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Aurora Plastics to Present at RFID Journal LIVE! 2019
The manufacturer will present a case study revealing how it is preventing errors using RFID technology.
Feb 27, 2019—
Aurora Plastics, a thermoplastic compounds company based in Streetsboro, Ohio, has improved its resin-unloading and yard-management efficiency, while also preventing unloading errors, by deploying a radio frequency identification solution. Seth Scott, Aurora Plastics' assistant plant manager, will present a case study on Aurora's RFID project at this year's RFID Journal LIVE! conference and exhibition, to be held on Apr. 2-4 in Arizona's Phoenix Convention Center.
Aurora Plastics develops and manufactures polymer compounds customized for such applications as building and construction, recreation, automotive, wires and cables, hoses and tubes, batteries, and footwear manufacturing. The firm makes a wide variety of products, including rigid and flexible PVC compounds, thermoplastic elastomers, custom thermoplastic olefins, CPE alloys, PVC-acrylic alloys, low-smoke zero-halogenated compounds, flame-retardant concentrates, SBS and SEBS compounds, and PVC and TPE cellular foam compounds.
The company runs five compound manufacturing sites, including its Streetsboro facility and four others in Welcome, N.C.; Lunenburg, Mass.; Pasadena, Texas; and Marieville, Quebec. Output from these plants is sold across the United States and Canada, as well as in export markets. Each year, the firm unloads more than 100 million pounds of PVC resin from railcars at its Streetsboro facility, which is the firm's largest.
The process of unloading resin into the proper silo has the potential for error, however, and a single mistake could be costly. If even a small amount of resin were to be transferred to the wrong silo, all product in that silo—up to 200,000 pounds—would be rendered unusable. Therefore, a great deal of manual effort was historically required to ensure the right product was stored in the proper silo, including cross-referencing a railcar's ID number and the product it should be carrying.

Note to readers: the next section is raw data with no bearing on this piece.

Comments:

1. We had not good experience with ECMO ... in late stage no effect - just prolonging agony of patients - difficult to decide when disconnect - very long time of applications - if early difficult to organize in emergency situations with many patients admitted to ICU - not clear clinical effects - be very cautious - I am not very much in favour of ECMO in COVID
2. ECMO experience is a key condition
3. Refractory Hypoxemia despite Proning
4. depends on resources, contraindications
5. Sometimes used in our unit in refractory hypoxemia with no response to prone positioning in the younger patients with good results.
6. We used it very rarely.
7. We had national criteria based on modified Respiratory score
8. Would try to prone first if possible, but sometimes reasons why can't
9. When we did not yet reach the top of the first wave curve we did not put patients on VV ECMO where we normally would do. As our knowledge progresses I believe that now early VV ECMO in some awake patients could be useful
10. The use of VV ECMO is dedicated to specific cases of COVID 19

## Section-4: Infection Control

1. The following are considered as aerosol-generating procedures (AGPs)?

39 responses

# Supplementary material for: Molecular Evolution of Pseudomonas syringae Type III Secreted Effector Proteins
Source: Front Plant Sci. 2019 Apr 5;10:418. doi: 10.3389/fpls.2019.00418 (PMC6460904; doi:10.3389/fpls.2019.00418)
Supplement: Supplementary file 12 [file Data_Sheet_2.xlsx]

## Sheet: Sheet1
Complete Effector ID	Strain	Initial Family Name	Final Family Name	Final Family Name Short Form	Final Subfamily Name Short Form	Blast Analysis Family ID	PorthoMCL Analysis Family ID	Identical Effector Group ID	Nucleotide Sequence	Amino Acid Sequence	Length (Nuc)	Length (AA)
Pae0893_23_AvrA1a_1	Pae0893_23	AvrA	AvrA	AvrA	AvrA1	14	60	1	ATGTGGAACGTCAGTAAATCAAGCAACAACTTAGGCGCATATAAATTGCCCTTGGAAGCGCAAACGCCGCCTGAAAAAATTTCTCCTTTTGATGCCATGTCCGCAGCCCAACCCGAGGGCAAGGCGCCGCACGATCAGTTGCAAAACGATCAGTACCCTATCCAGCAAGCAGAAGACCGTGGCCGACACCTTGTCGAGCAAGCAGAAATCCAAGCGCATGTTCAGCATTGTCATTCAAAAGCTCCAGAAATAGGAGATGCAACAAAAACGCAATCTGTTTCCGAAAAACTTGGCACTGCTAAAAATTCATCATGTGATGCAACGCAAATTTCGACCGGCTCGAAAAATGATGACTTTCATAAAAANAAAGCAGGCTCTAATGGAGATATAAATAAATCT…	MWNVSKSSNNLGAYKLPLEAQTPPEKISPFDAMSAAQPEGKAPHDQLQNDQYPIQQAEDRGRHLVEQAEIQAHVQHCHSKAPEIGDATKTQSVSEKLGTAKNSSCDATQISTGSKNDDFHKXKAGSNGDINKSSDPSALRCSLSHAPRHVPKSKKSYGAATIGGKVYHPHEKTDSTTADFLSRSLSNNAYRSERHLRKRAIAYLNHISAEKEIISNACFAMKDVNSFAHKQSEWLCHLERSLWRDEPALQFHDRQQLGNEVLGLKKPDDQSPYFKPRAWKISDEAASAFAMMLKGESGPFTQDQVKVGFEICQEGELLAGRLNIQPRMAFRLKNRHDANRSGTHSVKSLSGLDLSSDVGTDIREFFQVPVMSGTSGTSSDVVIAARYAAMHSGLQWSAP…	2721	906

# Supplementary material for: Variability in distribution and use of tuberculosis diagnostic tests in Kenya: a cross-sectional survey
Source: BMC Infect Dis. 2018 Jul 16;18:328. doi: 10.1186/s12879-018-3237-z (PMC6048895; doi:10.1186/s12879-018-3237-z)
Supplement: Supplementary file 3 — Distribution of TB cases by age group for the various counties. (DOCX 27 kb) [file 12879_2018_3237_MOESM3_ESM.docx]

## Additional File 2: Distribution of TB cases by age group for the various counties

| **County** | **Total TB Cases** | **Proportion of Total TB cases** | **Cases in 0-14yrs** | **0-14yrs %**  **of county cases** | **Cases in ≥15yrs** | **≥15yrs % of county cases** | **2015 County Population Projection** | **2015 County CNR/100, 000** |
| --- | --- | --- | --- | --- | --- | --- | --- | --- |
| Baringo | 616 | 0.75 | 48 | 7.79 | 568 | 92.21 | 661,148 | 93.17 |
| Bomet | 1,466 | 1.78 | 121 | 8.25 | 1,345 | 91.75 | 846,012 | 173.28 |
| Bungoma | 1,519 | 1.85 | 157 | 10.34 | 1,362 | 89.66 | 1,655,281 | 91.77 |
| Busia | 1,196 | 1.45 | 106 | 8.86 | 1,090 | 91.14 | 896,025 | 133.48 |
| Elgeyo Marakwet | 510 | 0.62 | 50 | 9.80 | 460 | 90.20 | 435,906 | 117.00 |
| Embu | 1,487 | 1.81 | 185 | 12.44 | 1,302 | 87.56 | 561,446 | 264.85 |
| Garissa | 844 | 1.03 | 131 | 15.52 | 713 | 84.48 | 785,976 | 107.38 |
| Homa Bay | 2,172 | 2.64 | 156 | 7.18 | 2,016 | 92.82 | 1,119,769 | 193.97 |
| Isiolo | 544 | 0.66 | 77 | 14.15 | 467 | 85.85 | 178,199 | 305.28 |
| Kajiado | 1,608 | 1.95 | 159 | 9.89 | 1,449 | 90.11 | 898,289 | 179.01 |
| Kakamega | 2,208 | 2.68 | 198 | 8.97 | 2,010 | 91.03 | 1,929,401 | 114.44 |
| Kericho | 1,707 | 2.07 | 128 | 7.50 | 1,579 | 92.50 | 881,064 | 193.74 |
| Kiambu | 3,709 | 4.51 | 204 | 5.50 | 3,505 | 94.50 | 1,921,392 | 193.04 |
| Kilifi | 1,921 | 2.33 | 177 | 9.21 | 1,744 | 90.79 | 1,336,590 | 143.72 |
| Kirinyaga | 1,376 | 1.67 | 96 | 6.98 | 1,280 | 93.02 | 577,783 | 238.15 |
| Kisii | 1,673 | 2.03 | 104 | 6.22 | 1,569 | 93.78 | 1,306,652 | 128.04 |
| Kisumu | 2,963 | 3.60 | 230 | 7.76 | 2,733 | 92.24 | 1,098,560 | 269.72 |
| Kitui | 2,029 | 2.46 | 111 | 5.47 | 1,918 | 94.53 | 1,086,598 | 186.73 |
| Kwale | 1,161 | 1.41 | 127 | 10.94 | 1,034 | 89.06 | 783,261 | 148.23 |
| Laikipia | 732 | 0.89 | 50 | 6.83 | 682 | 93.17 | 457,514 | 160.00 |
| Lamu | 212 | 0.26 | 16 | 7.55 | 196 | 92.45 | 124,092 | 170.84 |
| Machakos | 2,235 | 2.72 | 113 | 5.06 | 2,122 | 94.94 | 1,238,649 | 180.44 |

Scott began seeking a solution in 2016, and wound up deploying a passive UHF RFID system. During the case study at LIVE!, he will explain how the system was designed, the benefits that have been achieved and how the company plans to expand the deployment to additional locations. "This is a great opportunity for manufacturers to learn how RFID can be used to reduce errors, cut costs and improve efficiencies," says Mark Roberti, RFID Journal's founder and editor.
LIVE! 2019 will feature a manufacturing track with additional case studies, and the event will also have three other industry-specific tracks: Retail/Apparel, Health Care/Pharmaceuticals and Defense/Aerospace. The conference program will include four how-to conference tracks, as well as six in-depth workshops on Apr. 2, fast-track training presented by RFID4U, the RFID Journal Awards, RFID Professional Institute certification training and the co-located IEEE RFID 2019 event. In addition, the exhibition hall will offer access to more than 200 RFID solution providers from 26 countries.
To learn more about LIVE! 2019, visit the event's website.
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